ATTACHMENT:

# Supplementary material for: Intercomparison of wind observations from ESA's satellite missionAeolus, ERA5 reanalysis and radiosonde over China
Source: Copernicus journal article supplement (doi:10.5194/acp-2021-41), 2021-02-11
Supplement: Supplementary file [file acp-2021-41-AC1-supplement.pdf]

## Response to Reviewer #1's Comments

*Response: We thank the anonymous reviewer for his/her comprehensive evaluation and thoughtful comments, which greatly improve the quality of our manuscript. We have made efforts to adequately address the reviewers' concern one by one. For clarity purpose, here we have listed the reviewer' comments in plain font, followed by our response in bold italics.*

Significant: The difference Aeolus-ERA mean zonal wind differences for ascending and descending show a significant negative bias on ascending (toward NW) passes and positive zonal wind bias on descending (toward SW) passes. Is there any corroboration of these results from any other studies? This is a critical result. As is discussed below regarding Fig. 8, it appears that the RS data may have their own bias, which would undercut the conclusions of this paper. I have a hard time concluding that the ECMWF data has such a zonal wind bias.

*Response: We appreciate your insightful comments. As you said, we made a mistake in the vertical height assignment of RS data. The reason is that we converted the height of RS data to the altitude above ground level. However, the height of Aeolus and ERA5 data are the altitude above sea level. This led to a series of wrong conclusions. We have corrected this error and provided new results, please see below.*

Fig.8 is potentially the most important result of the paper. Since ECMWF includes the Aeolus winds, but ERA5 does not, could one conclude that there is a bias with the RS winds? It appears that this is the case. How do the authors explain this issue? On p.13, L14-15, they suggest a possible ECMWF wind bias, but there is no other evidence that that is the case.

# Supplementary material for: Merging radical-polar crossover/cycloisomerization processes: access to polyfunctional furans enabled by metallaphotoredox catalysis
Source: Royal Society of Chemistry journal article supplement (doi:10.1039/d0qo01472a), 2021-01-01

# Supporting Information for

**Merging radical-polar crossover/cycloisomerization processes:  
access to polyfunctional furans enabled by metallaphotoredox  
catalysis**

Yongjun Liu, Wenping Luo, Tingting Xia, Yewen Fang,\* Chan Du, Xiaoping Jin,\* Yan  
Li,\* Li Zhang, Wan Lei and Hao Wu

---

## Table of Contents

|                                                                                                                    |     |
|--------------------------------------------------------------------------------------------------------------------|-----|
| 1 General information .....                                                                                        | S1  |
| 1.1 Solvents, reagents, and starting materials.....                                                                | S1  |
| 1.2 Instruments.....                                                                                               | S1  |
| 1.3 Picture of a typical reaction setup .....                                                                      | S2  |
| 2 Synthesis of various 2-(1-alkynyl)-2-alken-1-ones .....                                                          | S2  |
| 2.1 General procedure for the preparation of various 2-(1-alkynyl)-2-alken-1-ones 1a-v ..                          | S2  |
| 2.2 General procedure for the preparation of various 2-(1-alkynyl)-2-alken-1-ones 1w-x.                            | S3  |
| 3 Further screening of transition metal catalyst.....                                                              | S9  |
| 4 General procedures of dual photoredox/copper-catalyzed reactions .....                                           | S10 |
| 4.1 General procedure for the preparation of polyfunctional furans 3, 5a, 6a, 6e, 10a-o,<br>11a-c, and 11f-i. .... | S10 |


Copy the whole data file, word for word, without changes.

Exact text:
# Supplementary material for: Intercomparison of wind observations from ESA's satellite missionAeolus, ERA5 reanalysis and radiosonde over China
Source: Copernicus journal article supplement (doi:10.5194/acp-2021-41), 2021-02-11
Supplement: Supplementary file [file acp-2021-41-AC1-supplement.pdf]

## Response to Reviewer #1's Comments

*Response: We thank the anonymous reviewer for his/her comprehensive evaluation and thoughtful comments, which greatly improve the quality of our manuscript. We have made efforts to adequately address the reviewers' concern one by one. For clarity purpose, here we have listed the reviewer' comments in plain font, followed by our response in bold italics.*

Significant: The difference Aeolus-ERA mean zonal wind differences for ascending and descending show a significant negative bias on ascending (toward NW) passes and positive zonal wind bias on descending (toward SW) passes. Is there any corroboration of these results from any other studies? This is a critical result. As is discussed below regarding Fig. 8, it appears that the RS data may have their own bias, which would undercut the conclusions of this paper. I have a hard time concluding that the ECMWF data has such a zonal wind bias.

*Response: We appreciate your insightful comments. As you said, we made a mistake in the vertical height assignment of RS data. The reason is that we converted the height of RS data to the altitude above ground level. However, the height of Aeolus and ERA5 data are the altitude above sea level. This led to a series of wrong conclusions. We have corrected this error and provided new results, please see below.*

Fig.8 is potentially the most important result of the paper. Since ECMWF includes the Aeolus winds, but ERA5 does not, could one conclude that there is a bias with the RS winds? It appears that this is the case. How do the authors explain this issue? On p.13, L14-15, they suggest a possible ECMWF wind bias, but there is no other evidence that that is the case.

# Supplementary material for: Merging radical-polar crossover/cycloisomerization processes: access to polyfunctional furans enabled by metallaphotoredox catalysis
Source: Royal Society of Chemistry journal article supplement (doi:10.1039/d0qo01472a), 2021-01-01

# Supporting Information for

**Merging radical-polar crossover/cycloisomerization processes:  
access to polyfunctional furans enabled by metallaphotoredox  
catalysis**

Yongjun Liu, Wenping Luo, Tingting Xia, Yewen Fang,\* Chan Du, Xiaoping Jin,\* Yan  
Li,\* Li Zhang, Wan Lei and Hao Wu

---

## Table of Contents

|                                                                                                                    |     |
|--------------------------------------------------------------------------------------------------------------------|-----|
| 1 General information .....                                                                                        | S1  |
| 1.1 Solvents, reagents, and starting materials.....                                                                | S1  |
| 1.2 Instruments.....                                                                                               | S1  |
| 1.3 Picture of a typical reaction setup .....                                                                      | S2  |
| 2 Synthesis of various 2-(1-alkynyl)-2-alken-1-ones .....                                                          | S2  |
| 2.1 General procedure for the preparation of various 2-(1-alkynyl)-2-alken-1-ones 1a-v ..                          | S2  |
| 2.2 General procedure for the preparation of various 2-(1-alkynyl)-2-alken-1-ones 1w-x.                            | S3  |
| 3 Further screening of transition metal catalyst.....                                                              | S9  |
| 4 General procedures of dual photoredox/copper-catalyzed reactions .....                                           | S10 |
| 4.1 General procedure for the preparation of polyfunctional furans 3, 5a, 6a, 6e, 10a-o,<br>11a-c, and 11f-i. .... | S10 |